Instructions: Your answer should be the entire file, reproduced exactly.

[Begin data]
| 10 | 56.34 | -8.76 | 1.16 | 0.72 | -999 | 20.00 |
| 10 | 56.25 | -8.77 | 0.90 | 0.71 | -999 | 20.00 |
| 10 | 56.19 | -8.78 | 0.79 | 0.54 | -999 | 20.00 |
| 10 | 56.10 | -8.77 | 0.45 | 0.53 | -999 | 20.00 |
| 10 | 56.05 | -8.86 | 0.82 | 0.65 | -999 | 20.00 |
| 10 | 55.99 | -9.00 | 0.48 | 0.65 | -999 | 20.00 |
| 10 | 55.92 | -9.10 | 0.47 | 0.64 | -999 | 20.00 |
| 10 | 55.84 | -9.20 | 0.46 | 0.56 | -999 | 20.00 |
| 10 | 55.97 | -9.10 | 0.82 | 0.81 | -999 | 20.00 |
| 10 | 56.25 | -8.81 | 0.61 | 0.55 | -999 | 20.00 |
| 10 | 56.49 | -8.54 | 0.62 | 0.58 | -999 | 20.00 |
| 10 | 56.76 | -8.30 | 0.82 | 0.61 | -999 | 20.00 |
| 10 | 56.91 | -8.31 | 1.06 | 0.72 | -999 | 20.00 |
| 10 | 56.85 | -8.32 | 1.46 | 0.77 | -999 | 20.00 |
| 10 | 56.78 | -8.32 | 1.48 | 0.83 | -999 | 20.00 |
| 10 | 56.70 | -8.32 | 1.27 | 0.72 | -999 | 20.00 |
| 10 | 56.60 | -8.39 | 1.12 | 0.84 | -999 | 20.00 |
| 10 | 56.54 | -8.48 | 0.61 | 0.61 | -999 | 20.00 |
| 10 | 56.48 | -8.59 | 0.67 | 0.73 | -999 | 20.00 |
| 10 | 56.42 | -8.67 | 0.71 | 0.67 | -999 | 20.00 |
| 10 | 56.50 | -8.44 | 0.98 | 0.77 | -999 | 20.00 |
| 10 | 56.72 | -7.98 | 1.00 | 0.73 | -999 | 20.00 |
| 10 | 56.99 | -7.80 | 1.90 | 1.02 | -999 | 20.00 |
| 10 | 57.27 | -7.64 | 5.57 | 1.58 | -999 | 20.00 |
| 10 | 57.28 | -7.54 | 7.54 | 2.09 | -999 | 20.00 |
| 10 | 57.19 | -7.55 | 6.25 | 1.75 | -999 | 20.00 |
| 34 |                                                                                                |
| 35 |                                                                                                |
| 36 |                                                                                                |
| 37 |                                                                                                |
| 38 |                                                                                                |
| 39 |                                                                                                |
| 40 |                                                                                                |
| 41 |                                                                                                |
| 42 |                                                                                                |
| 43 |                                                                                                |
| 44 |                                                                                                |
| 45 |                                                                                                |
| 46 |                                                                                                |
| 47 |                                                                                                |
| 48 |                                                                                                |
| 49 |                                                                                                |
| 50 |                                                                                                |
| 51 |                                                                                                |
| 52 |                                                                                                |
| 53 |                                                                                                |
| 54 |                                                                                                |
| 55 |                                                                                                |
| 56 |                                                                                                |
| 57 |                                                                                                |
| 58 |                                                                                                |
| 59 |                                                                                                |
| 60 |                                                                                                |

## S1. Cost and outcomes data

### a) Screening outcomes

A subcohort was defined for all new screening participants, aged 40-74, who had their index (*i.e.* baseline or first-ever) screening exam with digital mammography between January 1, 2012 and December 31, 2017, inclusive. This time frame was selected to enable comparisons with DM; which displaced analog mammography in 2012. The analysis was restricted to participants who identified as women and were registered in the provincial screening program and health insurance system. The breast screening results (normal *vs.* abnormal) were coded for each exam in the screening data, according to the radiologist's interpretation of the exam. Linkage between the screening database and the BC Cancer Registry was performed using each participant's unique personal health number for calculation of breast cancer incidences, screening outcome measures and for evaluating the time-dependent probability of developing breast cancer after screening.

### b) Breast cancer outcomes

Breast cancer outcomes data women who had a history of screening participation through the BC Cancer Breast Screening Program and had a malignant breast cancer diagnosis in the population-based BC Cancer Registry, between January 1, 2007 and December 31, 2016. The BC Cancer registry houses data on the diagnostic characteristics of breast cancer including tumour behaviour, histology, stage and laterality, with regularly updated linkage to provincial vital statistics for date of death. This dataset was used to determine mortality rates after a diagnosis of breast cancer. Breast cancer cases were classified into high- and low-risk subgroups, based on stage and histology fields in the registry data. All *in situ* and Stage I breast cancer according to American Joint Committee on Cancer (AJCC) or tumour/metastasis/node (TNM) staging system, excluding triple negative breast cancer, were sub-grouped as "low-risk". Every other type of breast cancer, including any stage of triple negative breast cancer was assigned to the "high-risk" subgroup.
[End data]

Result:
| 10 | 56.34 | -8.76 | 1.16 | 0.72 | -999 | 20.00 |
| 10 | 56.25 | -8.77 | 0.90 | 0.71 | -999 | 20.00 |
| 10 | 56.19 | -8.78 | 0.79 | 0.54 | -999 | 20.00 |
| 10 | 56.10 | -8.77 | 0.45 | 0.53 | -999 | 20.00 |
| 10 | 56.05 | -8.86 | 0.82 | 0.65 | -999 | 20.00 |
| 10 | 55.99 | -9.00 | 0.48 | 0.65 | -999 | 20.00 |
| 10 | 55.92 | -9.10 | 0.47 | 0.64 | -999 | 20.00 |
| 10 | 55.84 | -9.20 | 0.46 | 0.56 | -999 | 20.00 |
| 10 | 55.97 | -9.10 | 0.82 | 0.81 | -999 | 20.00 |
| 10 | 56.25 | -8.81 | 0.61 | 0.55 | -999 | 20.00 |
| 10 | 56.49 | -8.54 | 0.62 | 0.58 | -999 | 20.00 |
| 10 | 56.76 | -8.30 | 0.82 | 0.61 | -999 | 20.00 |
| 10 | 56.91 | -8.31 | 1.06 | 0.72 | -999 | 20.00 |
| 10 | 56.85 | -8.32 | 1.46 | 0.77 | -999 | 20.00 |
| 10 | 56.78 | -8.32 | 1.48 | 0.83 | -999 | 20.00 |
| 10 | 56.70 | -8.32 | 1.27 | 0.72 | -999 | 20.00 |
| 10 | 56.60 | -8.39 | 1.12 | 0.84 | -999 | 20.00 |
| 10 | 56.54 | -8.48 | 0.61 | 0.61 | -999 | 20.00 |
| 10 | 56.48 | -8.59 | 0.67 | 0.73 | -999 | 20.00 |
| 10 | 56.42 | -8.67 | 0.71 | 0.67 | -999 | 20.00 |
| 10 | 56.50 | -8.44 | 0.98 | 0.77 | -999 | 20.00 |
| 10 | 56.72 | -7.98 | 1.00 | 0.73 | -999 | 20.00 |
| 10 | 56.99 | -7.80 | 1.90 | 1.02 | -999 | 20.00 |
| 10 | 57.27 | -7.64 | 5.57 | 1.58 | -999 | 20.00 |
| 10 | 57.28 | -7.54 | 7.54 | 2.09 | -999 | 20.00 |
| 10 | 57.19 | -7.55 | 6.25 | 1.75 | -999 | 20.00 |
| 34 |                                                                                                |
| 35 |                                                                                                |
| 36 |                                                                                                |
| 37 |                                                                                                |
| 38 |                                                                                                |
| 39 |                                                                                                |
| 40 |                                                                                                |
| 41 |                                                                                                |
| 42 |                                                                                                |
| 43 |                                                                                                |
| 44 |                                                                                                |
| 45 |                                                                                                |
| 46 |                                                                                                |
| 47 |                                                                                                |
| 48 |                                                                                                |
| 49 |                                                                                                |
| 50 |                                                                                                |
| 51 |                                                                                                |
| 52 |                                                                                                |
| 53 |                                                                                                |
| 54 |                                                                                                |
| 55 |                                                                                                |
| 56 |                                                                                                |
| 57 |                                                                                                |
| 58 |                                                                                                |
| 59 |                                                                                                |
| 60 |                                                                                                |

## S1. Cost and outcomes data

### a) Screening outcomes

A subcohort was defined for all new screening participants, aged 40-74, who had their index (*i.e.* baseline or first-ever) screening exam with digital mammography between January 1, 2012 and December 31, 2017, inclusive. This time frame was selected to enable comparisons with DM; which displaced analog mammography in 2012. The analysis was restricted to participants who identified as women and were registered in the provincial screening program and health insurance system. The breast screening results (normal *vs.* abnormal) were coded for each exam in the screening data, according to the radiologist's interpretation of the exam. Linkage between the screening database and the BC Cancer Registry was performed using each participant's unique personal health number for calculation of breast cancer incidences, screening outcome measures and for evaluating the time-dependent probability of developing breast cancer after screening.

### b) Breast cancer outcomes

Breast cancer outcomes data women who had a history of screening participation through the BC Cancer Breast Screening Program and had a malignant breast cancer diagnosis in the population-based BC Cancer Registry, between January 1, 2007 and December 31, 2016. The BC Cancer registry houses data on the diagnostic characteristics of breast cancer including tumour behaviour, histology, stage and laterality, with regularly updated linkage to provincial vital statistics for date of death. This dataset was used to determine mortality rates after a diagnosis of breast cancer. Breast cancer cases were classified into high- and low-risk subgroups, based on stage and histology fields in the registry data. All *in situ* and Stage I breast cancer according to American Joint Committee on Cancer (AJCC) or tumour/metastasis/node (TNM) staging system, excluding triple negative breast cancer, were sub-grouped as "low-risk". Every other type of breast cancer, including any stage of triple negative breast cancer was assigned to the "high-risk" subgroup.